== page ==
Pollution-reporting move a ‘turning point’ in smog battle: official
Updated: 2014-01-21 10:58
By JACK FREIFELDER in New York (China Daily USA)
China's air pollution data- reporting initiative marks a "turning point" in the country's battle against choking smog, an official with the National Resource Defense Council (NRDC) said.
Linda Greer, the director of the NRDC's health program, said the initiative which took effect at the start of this year "has more potential than anything else the government has done because it will really enable local officials and concerned citizens to target their concerns and focus attention on the big problems".
Although it's early, "it could be a watershed moment," Greer told China Daily in an interview.
To be more transparent about the pollutants in the nation's environment, the Chinese government has begun requiring some major cities to release hourly statistical updates on air quality. By 2015, the aim is to have every major city in China release pollution data to the public.
Seven of the 10 Chinese cities with the worst air pollution in the third quarter of 2013 were located in Hebei province, the province that surrounds the Chinese capital of Beijing, Bloomberg News reported.
Liu Jigang, deputy director of the standing committee of the Beijing People's Congress, said public discontent with the pollution issue is on the rise. "This pollution is leading to much public worry," Liu said in comments posted on the city government's website.
President Xi Jinping has pledged to tackle pollution amid increasing public concern that environmental issues are affecting both the country's medical health and economic well-being.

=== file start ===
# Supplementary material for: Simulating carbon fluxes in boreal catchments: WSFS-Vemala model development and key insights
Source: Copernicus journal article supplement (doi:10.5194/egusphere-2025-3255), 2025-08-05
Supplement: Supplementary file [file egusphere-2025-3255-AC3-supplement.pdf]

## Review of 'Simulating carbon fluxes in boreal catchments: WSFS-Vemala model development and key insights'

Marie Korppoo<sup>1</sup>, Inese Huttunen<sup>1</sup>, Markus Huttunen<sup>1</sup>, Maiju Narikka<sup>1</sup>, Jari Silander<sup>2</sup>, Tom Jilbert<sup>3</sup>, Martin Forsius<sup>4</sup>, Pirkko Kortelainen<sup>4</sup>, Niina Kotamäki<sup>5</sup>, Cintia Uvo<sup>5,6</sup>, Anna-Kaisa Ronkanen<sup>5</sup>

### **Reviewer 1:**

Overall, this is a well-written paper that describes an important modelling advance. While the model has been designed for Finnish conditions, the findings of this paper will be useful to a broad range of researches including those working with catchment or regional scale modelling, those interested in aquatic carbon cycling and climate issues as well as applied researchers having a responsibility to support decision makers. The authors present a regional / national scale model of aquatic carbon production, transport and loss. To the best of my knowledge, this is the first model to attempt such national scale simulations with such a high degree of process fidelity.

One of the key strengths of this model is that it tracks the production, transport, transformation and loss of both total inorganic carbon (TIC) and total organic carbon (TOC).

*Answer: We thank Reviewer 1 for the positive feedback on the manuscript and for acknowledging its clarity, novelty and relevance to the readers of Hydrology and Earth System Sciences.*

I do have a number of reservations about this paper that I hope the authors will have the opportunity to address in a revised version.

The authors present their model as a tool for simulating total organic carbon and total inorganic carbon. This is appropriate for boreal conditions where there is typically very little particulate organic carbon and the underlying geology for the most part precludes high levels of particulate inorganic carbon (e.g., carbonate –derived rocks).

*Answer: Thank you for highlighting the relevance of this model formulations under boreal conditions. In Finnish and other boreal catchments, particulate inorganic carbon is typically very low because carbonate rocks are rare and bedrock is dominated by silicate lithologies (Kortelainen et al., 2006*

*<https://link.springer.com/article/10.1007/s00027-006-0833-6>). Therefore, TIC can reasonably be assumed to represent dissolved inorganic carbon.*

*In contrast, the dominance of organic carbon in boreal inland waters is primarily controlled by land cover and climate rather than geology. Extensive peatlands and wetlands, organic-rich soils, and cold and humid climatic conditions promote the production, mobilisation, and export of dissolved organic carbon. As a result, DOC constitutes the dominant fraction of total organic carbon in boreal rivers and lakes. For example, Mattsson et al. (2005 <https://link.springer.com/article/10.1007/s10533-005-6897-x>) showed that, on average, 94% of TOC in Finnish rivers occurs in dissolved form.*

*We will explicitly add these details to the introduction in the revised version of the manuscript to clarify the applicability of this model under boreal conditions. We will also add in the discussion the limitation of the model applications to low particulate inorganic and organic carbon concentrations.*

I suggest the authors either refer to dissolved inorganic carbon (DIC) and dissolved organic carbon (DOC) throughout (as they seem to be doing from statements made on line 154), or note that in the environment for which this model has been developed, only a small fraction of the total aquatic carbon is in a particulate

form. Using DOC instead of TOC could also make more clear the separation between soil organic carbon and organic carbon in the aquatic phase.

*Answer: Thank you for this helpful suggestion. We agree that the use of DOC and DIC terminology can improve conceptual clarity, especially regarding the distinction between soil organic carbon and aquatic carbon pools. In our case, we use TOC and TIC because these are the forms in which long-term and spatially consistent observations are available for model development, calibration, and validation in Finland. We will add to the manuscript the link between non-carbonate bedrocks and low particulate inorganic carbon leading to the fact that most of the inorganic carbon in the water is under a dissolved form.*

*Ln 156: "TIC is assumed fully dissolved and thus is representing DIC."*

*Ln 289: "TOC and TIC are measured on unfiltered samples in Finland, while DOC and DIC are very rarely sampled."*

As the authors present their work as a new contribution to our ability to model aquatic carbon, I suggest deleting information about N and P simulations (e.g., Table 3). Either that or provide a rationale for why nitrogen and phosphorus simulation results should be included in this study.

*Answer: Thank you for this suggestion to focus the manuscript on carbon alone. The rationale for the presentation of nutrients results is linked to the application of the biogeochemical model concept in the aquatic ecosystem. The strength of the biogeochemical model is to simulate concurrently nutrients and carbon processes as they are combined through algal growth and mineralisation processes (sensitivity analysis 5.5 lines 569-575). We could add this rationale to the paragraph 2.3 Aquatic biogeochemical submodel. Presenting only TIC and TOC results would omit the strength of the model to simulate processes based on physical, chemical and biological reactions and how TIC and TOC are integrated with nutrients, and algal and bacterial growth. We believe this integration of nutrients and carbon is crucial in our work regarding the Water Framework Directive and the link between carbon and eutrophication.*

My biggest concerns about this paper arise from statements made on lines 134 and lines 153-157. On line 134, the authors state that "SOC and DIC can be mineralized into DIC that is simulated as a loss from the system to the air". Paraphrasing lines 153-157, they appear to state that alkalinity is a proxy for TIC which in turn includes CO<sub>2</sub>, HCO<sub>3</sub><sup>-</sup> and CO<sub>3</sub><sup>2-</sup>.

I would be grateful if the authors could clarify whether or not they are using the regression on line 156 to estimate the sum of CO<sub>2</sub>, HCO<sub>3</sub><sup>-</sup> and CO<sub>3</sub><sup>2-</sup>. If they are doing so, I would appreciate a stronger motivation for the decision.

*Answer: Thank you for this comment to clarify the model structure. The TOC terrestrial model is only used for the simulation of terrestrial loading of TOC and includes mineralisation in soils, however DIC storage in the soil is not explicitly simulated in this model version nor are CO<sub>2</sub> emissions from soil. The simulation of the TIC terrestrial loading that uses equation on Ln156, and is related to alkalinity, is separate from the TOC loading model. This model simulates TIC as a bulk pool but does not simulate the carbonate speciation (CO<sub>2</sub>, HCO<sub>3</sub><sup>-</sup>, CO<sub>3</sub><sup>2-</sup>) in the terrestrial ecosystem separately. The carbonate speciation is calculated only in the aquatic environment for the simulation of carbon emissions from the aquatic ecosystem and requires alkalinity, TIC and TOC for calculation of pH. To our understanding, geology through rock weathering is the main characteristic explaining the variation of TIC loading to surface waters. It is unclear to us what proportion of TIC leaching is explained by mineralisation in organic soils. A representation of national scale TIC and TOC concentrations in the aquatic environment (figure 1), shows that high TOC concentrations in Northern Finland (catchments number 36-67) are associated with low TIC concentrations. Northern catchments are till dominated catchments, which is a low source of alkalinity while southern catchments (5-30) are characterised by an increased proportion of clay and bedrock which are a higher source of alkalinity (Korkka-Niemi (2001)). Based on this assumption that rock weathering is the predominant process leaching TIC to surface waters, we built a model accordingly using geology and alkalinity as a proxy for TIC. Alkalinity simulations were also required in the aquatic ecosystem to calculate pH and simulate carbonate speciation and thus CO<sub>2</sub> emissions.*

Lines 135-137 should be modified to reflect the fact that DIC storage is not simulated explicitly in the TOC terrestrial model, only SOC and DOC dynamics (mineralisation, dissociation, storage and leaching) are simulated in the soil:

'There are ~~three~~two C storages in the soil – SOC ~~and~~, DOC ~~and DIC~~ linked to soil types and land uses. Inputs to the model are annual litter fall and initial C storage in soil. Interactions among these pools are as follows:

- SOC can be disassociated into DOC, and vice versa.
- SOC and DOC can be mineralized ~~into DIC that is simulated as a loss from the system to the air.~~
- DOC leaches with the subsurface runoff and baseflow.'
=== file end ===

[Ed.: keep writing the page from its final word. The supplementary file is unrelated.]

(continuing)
Xi has said solving China's environmental issues calls for "bigger steps and patience," drawing on comments he made during a trip to a power plant in Beijing, Bloomberg reported.
Barbara Finamore, founder and director of the China Program at the NRDC, said air pollution problems are tough to eradicate without tackling these issues head-on.
"China's toxic air is not going to go away until the root cause is addressed — uncontrolled industrial coal pollution," Finamore said in an email to China Daily. "There are signals that the country is recognizing this. In the past year China has announced significant plans to cut pollution and increase transparency. Their challenge now is to put those plans into action fast because the public's patience is running out," she said.
In another initiative targeting air pollution, China recently began requiring 15,000 of the nation's biggest factories to monitor air emissions and wastewater discharges continuously. More than 150 cities have been called on to report emissions data to the public, according to NRDC data.
Greer, who has a doctorate in environmental toxicology, said the increased availability of information is a pragmatic step toward further traction on this key environmental issue in China.
"Making information available on the sources of the pollution is the next logical step in this campaign," Greer said. "It's that kind of public pressure that in other countries around the world really inspires the sources to do a much better job of controlling their pollution."
China "is doing this environmental reporting in 2013, so they really have all the electronic communication technology at their fingertips," Greer said. "It's a different ballgame now than when we were first doing our reporting. We hope that the NRDC's experience could be useful to the Chinese government and other NGOs who are staffed there to help them fast-track activity, learn from our mistakes and make faster progress on this than they would make otherwise."
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